Barbados independence 50: What changed after the British left?

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Emancipation statue, Haggatt Hall, St Michael
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Slavery - and eventual emancipation - are the cornerstone of the Barbados story

Barbados is celebrating 50 years of full independence from Britain.

The east Caribbean island was once dominated by a hugely profitable sugar industry that exploited African slaves - whose descendants now make up the large majority of the population - and European indentured labour.

We asked Barbadians ("Bajans") who remember the days before independence to share their memories of that time, and explain how life has changed on the island five decades later.

'We've made tremendous strides' - Elridge Dixon

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Eldridge Dixon was a young boy on that momentous rainy day in 1966

A schoolboy of 14 at independence, Elridge Dixon has vivid memories of that day, 30 November 1966: "I watched the live TV broadcast of the Union Jack being lowered and the new Broken Trident flag of Barbados being raised in the pouring rain."

Mr Dixon went on to become a teacher, a field worker for a UN development project and, finally, a manager for a German pharmaceutical firm.

"We've made tremendous strides in the past 50 years, in education, healthcare and housing," he says. "The country has remained stable and holds elections that are free, fair and without incident."

'People are richer' - Sandra Straker

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Sandra Straker wore an English sailor's hat as the new flag was raised

Sandra Straker, a political activist and grandmother, went to watch the ceremonial raising of the new Barbados flag in person, at the British Army parade ground at Garrison Savannah (now a racecourse).

"I was a little girl and I will never forget that night," she says. "As we watched the flags change, an English sailor gave me his hat to wear - but I had to give it back or he would have been charged when he got back on his ship!"

Ms Straker has seen major social transformation: "There used to be whites-only areas. We as little black people could not walk there. That's all changed now."

But she also sees clouds on the horizon today: "In the past, fishermen gave free fish to those who had children but no money. Now we are richer, people don't care for their brothers and sisters like they used to."

'Our culture has not changed' - Lady Gwendolyn Brancker

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Lady Gwendolyn Brancker wonders if Barbados will also move away from having the Queen as head of state

Barbadians reacted to the prospect of independence with a mixture of excitement and concern about the future, recalls Lady Gwendolyn Brancker: "I felt a feeling of trepidation, not because I was against independence but because the event was so emotional."

She feels the practical effects of full independence have been minimal but predicts more constitutional change will come.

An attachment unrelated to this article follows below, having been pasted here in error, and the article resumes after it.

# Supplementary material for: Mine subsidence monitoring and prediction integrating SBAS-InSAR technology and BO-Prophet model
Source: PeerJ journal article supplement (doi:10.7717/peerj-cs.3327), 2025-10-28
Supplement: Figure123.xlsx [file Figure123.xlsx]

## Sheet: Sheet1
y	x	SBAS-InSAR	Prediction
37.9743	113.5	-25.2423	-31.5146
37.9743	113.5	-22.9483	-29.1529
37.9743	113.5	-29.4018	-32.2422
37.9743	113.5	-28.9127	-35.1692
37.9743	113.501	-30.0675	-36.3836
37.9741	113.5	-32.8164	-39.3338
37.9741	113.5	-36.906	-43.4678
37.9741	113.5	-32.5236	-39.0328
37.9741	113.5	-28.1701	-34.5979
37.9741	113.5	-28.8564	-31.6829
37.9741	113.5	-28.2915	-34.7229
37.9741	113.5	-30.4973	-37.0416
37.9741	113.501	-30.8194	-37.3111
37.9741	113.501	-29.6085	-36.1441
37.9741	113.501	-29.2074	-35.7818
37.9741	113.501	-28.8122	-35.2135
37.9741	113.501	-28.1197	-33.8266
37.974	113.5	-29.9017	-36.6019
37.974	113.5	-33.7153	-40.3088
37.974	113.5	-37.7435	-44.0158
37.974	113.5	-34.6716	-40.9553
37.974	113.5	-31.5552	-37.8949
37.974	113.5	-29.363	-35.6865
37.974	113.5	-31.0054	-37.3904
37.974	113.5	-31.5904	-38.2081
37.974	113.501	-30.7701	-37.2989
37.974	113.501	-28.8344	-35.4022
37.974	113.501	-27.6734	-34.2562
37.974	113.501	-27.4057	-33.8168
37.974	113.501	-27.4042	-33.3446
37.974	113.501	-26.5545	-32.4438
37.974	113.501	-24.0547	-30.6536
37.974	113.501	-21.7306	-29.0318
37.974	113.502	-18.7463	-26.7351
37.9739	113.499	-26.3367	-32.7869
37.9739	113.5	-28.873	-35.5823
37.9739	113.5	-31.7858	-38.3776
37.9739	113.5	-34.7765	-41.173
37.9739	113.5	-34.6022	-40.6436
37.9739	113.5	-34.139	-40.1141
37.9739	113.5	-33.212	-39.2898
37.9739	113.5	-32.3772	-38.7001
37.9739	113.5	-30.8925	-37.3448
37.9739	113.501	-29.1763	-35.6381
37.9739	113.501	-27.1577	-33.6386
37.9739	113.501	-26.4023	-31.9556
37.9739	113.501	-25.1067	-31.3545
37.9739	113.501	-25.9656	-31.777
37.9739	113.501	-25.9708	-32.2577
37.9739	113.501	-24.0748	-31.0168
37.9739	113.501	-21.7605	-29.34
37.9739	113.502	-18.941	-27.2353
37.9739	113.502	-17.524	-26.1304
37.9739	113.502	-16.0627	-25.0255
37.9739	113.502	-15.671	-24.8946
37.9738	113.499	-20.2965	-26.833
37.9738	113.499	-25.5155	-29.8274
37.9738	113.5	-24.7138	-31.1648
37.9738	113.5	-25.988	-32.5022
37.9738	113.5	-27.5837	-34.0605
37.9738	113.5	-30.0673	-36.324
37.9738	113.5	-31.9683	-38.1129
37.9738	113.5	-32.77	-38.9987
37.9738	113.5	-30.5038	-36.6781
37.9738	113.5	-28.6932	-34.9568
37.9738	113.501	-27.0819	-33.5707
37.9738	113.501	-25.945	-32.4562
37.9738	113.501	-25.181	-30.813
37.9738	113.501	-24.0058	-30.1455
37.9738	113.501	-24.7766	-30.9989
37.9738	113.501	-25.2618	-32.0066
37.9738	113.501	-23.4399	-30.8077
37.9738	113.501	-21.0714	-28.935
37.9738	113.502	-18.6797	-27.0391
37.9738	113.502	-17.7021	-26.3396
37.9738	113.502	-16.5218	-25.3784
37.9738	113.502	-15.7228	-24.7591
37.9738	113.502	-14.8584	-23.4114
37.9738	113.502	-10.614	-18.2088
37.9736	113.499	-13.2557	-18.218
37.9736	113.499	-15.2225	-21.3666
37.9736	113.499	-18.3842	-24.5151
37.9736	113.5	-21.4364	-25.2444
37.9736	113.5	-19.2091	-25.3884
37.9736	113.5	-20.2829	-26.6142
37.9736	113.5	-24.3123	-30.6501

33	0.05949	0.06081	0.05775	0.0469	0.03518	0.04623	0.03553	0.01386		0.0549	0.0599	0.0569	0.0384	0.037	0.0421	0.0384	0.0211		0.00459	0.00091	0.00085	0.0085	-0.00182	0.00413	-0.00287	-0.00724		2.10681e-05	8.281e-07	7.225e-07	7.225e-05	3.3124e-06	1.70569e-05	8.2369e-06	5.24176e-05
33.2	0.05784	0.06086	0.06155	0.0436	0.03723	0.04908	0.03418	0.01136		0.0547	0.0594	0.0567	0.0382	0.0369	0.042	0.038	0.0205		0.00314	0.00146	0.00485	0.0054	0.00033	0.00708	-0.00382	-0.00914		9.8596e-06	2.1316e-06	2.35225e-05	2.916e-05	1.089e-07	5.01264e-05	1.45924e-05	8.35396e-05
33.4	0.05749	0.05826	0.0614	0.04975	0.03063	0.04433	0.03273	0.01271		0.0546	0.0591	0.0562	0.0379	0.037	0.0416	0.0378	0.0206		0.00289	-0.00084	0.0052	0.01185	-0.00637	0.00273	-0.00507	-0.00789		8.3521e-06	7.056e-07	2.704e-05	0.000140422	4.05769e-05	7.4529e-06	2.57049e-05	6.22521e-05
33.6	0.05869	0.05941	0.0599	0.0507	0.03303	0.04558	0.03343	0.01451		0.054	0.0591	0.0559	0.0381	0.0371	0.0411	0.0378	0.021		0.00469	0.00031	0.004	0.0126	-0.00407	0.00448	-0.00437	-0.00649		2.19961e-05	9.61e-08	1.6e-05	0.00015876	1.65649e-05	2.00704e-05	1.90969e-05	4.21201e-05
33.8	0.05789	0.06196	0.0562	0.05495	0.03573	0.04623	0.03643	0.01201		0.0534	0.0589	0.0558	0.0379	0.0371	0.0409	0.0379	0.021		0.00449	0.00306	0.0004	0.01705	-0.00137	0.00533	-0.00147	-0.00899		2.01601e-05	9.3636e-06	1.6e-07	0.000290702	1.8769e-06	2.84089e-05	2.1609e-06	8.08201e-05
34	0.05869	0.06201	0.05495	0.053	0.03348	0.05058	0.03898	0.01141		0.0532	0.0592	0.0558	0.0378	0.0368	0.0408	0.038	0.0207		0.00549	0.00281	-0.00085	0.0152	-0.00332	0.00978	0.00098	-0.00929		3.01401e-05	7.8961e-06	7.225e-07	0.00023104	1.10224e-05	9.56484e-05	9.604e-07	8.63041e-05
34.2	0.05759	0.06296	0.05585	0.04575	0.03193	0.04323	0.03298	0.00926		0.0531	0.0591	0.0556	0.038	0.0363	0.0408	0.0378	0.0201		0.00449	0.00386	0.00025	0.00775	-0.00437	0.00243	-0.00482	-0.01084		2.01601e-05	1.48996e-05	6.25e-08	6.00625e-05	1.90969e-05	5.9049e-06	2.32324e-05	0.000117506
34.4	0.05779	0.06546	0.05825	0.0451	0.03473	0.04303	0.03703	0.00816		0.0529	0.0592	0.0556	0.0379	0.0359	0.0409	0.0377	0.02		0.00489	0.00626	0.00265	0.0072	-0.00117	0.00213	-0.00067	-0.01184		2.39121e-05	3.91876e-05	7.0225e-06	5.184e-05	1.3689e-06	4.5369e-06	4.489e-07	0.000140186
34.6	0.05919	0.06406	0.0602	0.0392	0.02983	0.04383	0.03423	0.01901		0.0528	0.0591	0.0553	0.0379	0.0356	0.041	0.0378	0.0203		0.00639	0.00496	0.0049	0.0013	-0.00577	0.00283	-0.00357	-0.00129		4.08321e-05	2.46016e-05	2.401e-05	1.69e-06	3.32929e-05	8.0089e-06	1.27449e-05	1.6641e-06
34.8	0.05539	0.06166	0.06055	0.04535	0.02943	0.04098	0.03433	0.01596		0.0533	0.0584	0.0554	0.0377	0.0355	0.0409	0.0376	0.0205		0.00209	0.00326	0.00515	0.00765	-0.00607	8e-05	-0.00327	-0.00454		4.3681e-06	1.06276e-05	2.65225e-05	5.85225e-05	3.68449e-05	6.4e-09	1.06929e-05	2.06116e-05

"I don't think anything has really changed - our culture and life in general have remained the same. Independence was a continuation of our lives and it mainly meant that we were no longer a colony of Britain.

"Nowadays, some people think we should go further and become a republic. I believe one day that will happen."

'Things are better now' - Nita Trottman

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Nina Trottman has worked in her family's rum shop for the past 50 years

Nita Trottman has worked in her rum shop (the Barbadian equivalent of an English local pub) for the whole of her adult life.

Her parents opened the shop - named "Trotties" - in Watts Village in St George parish in 1952, and Nita began work there after leaving school around the time of independence.

For her, full Barbadian self-rule was a final release from routine inconveniences.

"In those days, if you got a money order from England, you had to go to a justice of the peace and get him to sign the back of it before you could get the money. Now we have ID cards for things like that."

While things have not always gone well since independence - the global financial crash in 2008 heavily affected the tourism-dependent island - she is adamant that self-determination has brought benefits.

"Things are better now. We've had hard times but everyone's got enough to eat."

'This country is blessed' - Ervin 'Joe' Ford

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Ervin Ford did not have a television to watch the independence ceremony on

At the time of independence, Ervin Ford was serving as a 31-year-old merchant seaman, helping deliver sugar cane and other products from Barbados to islands around the Caribbean.

At home in Wildey, St Michael, he listened to the independence ceremony on the radio.

"Only richer people had TVs. Black people were nothing in Barbados," he remembers.

He has since witnessed the country's main industry move from sugar cane production to tourism.

"Visitors from England and America have helped build tourism here," he says. "This country is blessed by the Lord - it's a beautiful country, the best in the Caribbean."

Interviews by Adrian Dalingwater and Andree Massiah.